First of all, the inflammatory response that occurs following an injury is perfectly natural and it’s the body’s way of starting to repair things. Secondly, taking anti-inflammatories immediately means that this response is dampened – that means you might get back on your feet too quickly and not recover as quickly or potentially cause more damage.

It may help with the pain to take Ibuprofen but we suggest you leave any anti-inflammatories until at least 48 hours after your injury.

Seeking Medical Advice for a Sports Injury

Many minor injuries will subside relatively quickly and you can get back to running, easing yourself into your routine again while taking care not to make the problem recur. If the injury seems significant and is not resolving as you expected or keeps returning, it’s important to seek medical advice.

This will normally involve tests such as a musculoskeletal assessment, and possibly progressing to imaging such as an MRI scan or ultrasound. This will tell you if you have a serious injury and what you need to do to recover from it.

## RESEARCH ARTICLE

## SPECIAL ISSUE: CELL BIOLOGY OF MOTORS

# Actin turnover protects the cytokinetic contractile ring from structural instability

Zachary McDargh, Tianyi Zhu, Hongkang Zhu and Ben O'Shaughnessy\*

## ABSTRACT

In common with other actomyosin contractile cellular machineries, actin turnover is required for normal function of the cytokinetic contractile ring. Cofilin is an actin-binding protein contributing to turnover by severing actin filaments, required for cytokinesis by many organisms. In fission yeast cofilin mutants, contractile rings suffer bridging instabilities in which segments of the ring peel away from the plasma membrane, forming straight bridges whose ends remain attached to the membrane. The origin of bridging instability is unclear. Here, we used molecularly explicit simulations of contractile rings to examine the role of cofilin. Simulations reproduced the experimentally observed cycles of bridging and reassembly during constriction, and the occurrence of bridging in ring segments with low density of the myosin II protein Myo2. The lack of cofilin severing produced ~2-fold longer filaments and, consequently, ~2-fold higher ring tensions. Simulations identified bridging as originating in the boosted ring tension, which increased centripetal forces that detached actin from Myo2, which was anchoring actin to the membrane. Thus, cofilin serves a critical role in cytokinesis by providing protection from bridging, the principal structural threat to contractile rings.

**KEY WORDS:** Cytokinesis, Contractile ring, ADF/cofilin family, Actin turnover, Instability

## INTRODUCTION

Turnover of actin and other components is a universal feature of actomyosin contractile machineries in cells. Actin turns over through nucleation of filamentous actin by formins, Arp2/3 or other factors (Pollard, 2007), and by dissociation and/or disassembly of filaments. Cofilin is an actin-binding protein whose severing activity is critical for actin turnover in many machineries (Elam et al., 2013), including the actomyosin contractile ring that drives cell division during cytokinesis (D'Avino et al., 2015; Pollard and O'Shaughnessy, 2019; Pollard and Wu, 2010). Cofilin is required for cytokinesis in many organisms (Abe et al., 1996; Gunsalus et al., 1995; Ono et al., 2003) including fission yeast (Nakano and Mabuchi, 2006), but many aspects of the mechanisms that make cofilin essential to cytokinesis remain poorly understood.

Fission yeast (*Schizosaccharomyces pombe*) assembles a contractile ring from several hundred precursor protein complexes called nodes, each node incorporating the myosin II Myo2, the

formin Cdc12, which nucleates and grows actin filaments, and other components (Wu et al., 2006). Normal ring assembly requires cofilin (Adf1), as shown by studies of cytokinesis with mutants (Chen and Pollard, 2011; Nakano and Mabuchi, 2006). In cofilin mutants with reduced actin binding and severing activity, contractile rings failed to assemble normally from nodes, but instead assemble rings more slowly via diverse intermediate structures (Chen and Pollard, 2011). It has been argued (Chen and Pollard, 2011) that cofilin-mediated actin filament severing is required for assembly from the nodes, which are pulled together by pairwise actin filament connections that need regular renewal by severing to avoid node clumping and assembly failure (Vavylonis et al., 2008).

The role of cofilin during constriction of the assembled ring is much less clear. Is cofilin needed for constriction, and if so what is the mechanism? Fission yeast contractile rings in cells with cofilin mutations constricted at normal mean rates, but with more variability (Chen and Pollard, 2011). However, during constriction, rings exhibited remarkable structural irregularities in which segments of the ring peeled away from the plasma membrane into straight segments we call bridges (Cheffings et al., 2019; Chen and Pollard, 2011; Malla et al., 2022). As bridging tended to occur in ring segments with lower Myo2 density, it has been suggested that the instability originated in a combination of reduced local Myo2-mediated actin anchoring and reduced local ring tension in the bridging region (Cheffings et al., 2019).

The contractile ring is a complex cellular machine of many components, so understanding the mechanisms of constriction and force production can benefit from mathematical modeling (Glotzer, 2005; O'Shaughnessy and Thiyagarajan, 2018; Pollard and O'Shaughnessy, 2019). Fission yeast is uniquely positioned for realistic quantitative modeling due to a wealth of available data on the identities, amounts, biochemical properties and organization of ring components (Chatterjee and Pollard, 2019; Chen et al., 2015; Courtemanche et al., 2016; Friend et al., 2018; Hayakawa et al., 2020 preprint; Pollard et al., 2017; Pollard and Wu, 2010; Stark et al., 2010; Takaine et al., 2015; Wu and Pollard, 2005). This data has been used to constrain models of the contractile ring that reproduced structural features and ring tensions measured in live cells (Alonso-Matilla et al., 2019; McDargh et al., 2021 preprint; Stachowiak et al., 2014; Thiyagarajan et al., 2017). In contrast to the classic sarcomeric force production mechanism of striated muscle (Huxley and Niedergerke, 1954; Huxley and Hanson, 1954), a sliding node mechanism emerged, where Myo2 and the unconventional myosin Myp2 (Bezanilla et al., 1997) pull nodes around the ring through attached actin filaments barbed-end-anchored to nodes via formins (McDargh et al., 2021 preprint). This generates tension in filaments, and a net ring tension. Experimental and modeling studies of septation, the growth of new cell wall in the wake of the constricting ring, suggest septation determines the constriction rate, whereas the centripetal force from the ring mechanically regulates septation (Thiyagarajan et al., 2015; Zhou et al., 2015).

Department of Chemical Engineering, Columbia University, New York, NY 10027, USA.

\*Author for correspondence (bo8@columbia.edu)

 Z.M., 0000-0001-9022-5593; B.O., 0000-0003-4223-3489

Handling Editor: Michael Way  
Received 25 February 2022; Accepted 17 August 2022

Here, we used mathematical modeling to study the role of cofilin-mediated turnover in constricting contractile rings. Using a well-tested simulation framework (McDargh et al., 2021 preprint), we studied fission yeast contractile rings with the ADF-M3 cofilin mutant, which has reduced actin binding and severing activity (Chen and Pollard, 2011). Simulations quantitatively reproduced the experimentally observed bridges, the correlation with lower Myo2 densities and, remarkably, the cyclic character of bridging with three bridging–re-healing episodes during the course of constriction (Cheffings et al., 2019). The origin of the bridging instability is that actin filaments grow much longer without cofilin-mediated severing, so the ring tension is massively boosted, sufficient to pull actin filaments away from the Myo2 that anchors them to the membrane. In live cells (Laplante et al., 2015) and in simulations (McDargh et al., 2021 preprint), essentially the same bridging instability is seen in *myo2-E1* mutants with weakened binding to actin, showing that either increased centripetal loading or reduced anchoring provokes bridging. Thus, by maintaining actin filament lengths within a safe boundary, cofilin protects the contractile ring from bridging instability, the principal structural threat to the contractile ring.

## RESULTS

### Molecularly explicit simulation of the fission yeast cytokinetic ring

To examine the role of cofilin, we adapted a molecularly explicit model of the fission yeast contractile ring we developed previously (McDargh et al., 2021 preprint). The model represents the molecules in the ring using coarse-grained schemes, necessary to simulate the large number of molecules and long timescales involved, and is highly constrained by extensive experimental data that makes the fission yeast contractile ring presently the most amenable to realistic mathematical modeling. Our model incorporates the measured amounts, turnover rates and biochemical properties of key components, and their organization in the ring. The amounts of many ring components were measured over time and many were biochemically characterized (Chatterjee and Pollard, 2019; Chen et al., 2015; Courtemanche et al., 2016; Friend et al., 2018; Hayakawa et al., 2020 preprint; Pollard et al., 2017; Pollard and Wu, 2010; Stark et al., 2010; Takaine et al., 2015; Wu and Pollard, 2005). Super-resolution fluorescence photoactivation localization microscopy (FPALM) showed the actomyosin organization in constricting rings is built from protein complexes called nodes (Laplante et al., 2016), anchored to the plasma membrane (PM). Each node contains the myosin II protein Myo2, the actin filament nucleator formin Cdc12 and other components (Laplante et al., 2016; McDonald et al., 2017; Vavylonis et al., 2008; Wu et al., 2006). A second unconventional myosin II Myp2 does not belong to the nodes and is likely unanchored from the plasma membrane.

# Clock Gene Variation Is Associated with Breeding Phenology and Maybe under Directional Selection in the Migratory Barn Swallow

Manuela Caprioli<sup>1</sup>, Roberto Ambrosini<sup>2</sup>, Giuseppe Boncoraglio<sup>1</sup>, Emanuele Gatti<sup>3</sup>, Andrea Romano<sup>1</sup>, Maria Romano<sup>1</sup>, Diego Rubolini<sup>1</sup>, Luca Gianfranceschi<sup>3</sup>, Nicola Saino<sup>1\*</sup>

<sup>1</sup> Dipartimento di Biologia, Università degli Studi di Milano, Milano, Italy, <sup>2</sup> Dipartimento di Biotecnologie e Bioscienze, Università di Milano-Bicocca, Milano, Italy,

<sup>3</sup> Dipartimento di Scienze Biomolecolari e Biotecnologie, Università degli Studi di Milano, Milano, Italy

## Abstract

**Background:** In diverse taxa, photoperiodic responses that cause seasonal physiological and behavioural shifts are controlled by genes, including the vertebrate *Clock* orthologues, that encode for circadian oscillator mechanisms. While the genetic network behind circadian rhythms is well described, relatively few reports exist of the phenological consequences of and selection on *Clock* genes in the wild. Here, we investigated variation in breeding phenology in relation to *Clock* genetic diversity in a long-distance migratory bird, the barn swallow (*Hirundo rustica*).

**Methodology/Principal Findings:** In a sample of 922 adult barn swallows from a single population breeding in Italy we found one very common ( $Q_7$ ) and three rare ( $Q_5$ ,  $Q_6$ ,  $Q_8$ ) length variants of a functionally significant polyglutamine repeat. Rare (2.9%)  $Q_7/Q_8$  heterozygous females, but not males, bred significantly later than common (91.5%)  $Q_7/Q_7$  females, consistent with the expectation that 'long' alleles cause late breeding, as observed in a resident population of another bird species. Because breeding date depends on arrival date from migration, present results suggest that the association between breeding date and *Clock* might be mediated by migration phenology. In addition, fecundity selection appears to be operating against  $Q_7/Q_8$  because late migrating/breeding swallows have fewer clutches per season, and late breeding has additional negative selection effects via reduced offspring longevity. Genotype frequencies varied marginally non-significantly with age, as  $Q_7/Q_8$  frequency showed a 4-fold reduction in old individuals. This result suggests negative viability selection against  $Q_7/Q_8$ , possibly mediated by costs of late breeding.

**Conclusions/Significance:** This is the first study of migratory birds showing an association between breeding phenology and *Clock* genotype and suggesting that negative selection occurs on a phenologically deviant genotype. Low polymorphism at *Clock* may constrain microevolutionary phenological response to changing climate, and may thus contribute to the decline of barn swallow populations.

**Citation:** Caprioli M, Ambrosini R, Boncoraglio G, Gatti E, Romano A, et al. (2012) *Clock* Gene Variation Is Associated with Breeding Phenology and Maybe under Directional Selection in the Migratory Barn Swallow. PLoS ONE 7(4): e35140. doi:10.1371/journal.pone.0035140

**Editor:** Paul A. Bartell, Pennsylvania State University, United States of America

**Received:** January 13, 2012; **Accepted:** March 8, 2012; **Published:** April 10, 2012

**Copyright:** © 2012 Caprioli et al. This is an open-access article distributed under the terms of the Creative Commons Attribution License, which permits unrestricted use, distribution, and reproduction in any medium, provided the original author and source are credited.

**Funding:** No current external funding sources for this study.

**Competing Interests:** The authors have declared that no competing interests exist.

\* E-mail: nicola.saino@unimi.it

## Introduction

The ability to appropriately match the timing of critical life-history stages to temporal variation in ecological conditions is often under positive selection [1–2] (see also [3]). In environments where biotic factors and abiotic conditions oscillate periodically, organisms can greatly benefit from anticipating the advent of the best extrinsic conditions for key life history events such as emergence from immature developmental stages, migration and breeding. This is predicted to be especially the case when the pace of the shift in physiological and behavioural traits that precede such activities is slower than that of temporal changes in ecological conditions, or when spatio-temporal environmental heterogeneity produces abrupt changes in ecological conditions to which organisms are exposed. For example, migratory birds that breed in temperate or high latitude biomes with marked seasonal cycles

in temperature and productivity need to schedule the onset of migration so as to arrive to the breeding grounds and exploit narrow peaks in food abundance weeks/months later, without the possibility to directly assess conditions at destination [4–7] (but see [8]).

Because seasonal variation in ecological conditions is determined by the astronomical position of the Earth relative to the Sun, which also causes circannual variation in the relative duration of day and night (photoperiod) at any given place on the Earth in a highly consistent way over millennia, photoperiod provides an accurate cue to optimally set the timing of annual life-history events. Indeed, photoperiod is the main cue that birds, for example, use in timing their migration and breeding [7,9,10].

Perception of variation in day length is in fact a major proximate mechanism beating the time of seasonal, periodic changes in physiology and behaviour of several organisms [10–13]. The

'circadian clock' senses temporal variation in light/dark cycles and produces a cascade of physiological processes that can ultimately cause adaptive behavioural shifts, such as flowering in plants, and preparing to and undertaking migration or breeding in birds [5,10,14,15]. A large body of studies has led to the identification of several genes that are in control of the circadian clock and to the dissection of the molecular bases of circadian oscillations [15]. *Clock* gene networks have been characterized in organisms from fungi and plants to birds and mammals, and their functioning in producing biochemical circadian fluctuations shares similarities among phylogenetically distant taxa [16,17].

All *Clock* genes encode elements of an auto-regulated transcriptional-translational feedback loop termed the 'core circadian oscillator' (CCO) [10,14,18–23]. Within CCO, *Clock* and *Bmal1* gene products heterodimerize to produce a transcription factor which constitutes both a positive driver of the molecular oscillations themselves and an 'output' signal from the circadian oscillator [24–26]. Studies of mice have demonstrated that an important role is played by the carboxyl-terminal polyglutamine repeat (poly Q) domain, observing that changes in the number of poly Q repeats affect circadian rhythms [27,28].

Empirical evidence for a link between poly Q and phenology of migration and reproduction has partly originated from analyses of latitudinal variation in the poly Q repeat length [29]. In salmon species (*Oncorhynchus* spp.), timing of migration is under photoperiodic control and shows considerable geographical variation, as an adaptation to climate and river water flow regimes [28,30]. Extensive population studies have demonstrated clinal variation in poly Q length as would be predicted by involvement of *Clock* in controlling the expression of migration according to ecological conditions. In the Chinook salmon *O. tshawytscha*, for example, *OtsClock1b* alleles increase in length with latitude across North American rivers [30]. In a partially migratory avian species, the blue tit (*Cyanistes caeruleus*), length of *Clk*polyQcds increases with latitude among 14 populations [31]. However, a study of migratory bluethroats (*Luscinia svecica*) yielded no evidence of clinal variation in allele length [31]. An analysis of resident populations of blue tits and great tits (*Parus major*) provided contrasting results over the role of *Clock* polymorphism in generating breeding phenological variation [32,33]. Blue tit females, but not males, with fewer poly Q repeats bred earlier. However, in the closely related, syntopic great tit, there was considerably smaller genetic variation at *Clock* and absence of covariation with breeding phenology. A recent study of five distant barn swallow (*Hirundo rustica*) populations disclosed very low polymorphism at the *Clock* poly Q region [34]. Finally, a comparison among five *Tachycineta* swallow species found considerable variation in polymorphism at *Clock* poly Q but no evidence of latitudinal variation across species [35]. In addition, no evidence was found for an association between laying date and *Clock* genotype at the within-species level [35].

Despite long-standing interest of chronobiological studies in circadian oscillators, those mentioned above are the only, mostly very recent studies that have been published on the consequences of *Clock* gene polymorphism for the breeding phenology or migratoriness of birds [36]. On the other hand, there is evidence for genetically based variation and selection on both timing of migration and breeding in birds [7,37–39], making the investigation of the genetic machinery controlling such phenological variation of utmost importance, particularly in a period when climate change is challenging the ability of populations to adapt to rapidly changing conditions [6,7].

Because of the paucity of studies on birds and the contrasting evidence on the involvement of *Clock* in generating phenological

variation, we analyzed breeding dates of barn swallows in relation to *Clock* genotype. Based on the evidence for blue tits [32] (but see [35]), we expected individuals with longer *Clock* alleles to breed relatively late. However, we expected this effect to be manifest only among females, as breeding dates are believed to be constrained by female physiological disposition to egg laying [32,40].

A full assessment means that someone like a physiotherapist or sports rehabilitation expert will be able to create a focused recovery plan, with an intention to minimise the risk of recurrence. Even if you are unable to run, they will also help you develop an exercise regime that keeps you as fit as possible and maintains performance levels higher for when you do get back on the road.

Starting to Run Again After a Sports Injury

When you have recovered from an injury, the last thing you want is for it to happen again. That’s where the adage ‘listen to your body’ is again useful.

It’s important not to rush back into your original routine and plan your running schedule to better meet your needs so that you build up to full fitness.

That includes understanding how rest and recovery between long runs are just as important as the training itself. Pushing beyond the pain is never a good idea and your recovery will proceed more effectively if you have a plan and stick to it alongside appropriate treatment.